Coyote problems return

Residents fear for safety of pets, children

by Clay Neely

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Carol Long, a resident on Redwine Road, says the presence of coyotes has been increasingly frequent in her neighborhood. 


The distinct howl of coyotes can elicit a terrifying feeling – even more so if you’re a pet owner.

For many residents on Redwine Drive off Roscoe Road, the familiar howls of coyotes have returned once again, and they’re not happy.

Since last year, Carol Long and her neighbors have expressed their concern regarding the proximity of the howls. But now, they’re noticing that the howling seems to be even closer.

“It’s very disconcerting,” Long said. “It sounds like an entire pack – roaming back and forth through the woods. As an owner of a small animal, it never really leaves your mind.”

Last year, a cat belonging to one of her neighbors went missing and never returned.

She feels that most of the nearby residents are worried the number of coyotes is multiplying. Long also expressed her frustration with the inability of local officials to offer any kind of assistance.

“I’ve called animal control and even the game warden,” she said. “They told me that because it’s a wild animal, there is nothing they can do about it. They said it’s up to us.”

Coyotes have recently been found in Georgia frequenting urban areas in search of garbage, rodents and other easily found meals. For these reasons, coyotes are thriving in Georgia and their success is not the result of a Department of Natural Resources stocking program, according to information from a state DNR fact sheet that can be viewed online at georgiawildlife.com/node/1391.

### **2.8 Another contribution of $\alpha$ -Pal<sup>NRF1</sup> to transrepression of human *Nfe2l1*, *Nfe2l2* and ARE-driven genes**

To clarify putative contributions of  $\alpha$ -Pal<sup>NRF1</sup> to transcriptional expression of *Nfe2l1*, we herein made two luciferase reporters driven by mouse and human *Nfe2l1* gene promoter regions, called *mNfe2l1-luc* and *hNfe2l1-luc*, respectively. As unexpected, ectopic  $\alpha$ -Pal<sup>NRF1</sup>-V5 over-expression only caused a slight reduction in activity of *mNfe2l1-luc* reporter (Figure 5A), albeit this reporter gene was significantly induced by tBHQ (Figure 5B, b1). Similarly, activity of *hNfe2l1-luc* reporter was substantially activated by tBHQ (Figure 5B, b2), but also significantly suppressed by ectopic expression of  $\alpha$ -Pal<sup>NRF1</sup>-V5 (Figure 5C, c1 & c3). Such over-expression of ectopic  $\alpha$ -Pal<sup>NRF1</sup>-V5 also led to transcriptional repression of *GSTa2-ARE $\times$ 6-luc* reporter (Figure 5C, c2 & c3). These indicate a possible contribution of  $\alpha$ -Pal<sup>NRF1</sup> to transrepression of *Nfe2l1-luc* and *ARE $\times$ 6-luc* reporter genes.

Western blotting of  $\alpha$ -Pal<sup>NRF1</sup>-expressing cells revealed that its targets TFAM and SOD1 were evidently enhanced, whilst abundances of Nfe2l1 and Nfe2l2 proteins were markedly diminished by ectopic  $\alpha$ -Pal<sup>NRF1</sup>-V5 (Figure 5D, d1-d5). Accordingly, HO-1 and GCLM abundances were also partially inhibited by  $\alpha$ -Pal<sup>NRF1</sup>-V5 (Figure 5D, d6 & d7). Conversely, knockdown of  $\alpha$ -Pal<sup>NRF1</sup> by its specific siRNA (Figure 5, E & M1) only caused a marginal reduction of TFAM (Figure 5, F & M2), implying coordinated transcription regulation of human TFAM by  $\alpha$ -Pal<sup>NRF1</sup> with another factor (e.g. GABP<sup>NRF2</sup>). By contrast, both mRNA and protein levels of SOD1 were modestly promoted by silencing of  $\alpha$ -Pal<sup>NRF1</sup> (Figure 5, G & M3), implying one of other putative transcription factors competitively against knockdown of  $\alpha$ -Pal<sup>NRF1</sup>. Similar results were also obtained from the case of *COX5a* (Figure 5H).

By nature, coyotes are timid and shy animals that tend to steer clear of any potential danger and thus pose little threat to humans, according to the DNR. Contrary to popular belief, they do not hunt in packs but rather are primarily solitary hunters, DNR officials note. Despite these characteristics, problems sometimes do occur as these predators become increasingly tolerant of human interactions.

Prevention is the best defense against nuisance coyotes. Small house pets – especially cats – young or small livestock and poultry are vulnerable and susceptible to predation by a coyote. If a coyote is suspected in an area where domestic animals are roaming free, the DNR recommends taking precautions:

• Take pets indoors during the night, as this is the coyote's primary hunting time. • If the pet must be kept outside, put up fencing to discourage coyotes.

• Small livestock or poultry should be kept in an enclosed or sheltered area. Coyotes rarely bother larger livestock although they often are blamed for such instances. It should be noted that dogs, rather than coyotes, are notorious for harassing and attacking livestock, the DNR officials said.

Trapping and/or hunting are also solutions against nuisance coyotes.

Because coyotes are a non-native species in Georgia, there is no closed season for their harvest. Foot-hold or live traps can be used to capture animals. However, coyotes may prove difficult to deceive with traps and hunting may be a better solution, according to the DNR website.

A coyote displaying abnormal behavior and appearing fearless of humans is uncharacteristic and may mean the animal is injured or has fallen victim to a disease, such as rabies, parvovirus or distemper.

As an owner of several outdoor dogs and cats, Long does her best to keep up with their whereabouts but notes that some are prone to bolting into the wooded area the coyotes are suspected of inhabiting.

“The (game) warden tells us that we’re allowed to kill them. But I don’t have the means,” she said. “I only hope that something will change and someone will do something about it.”



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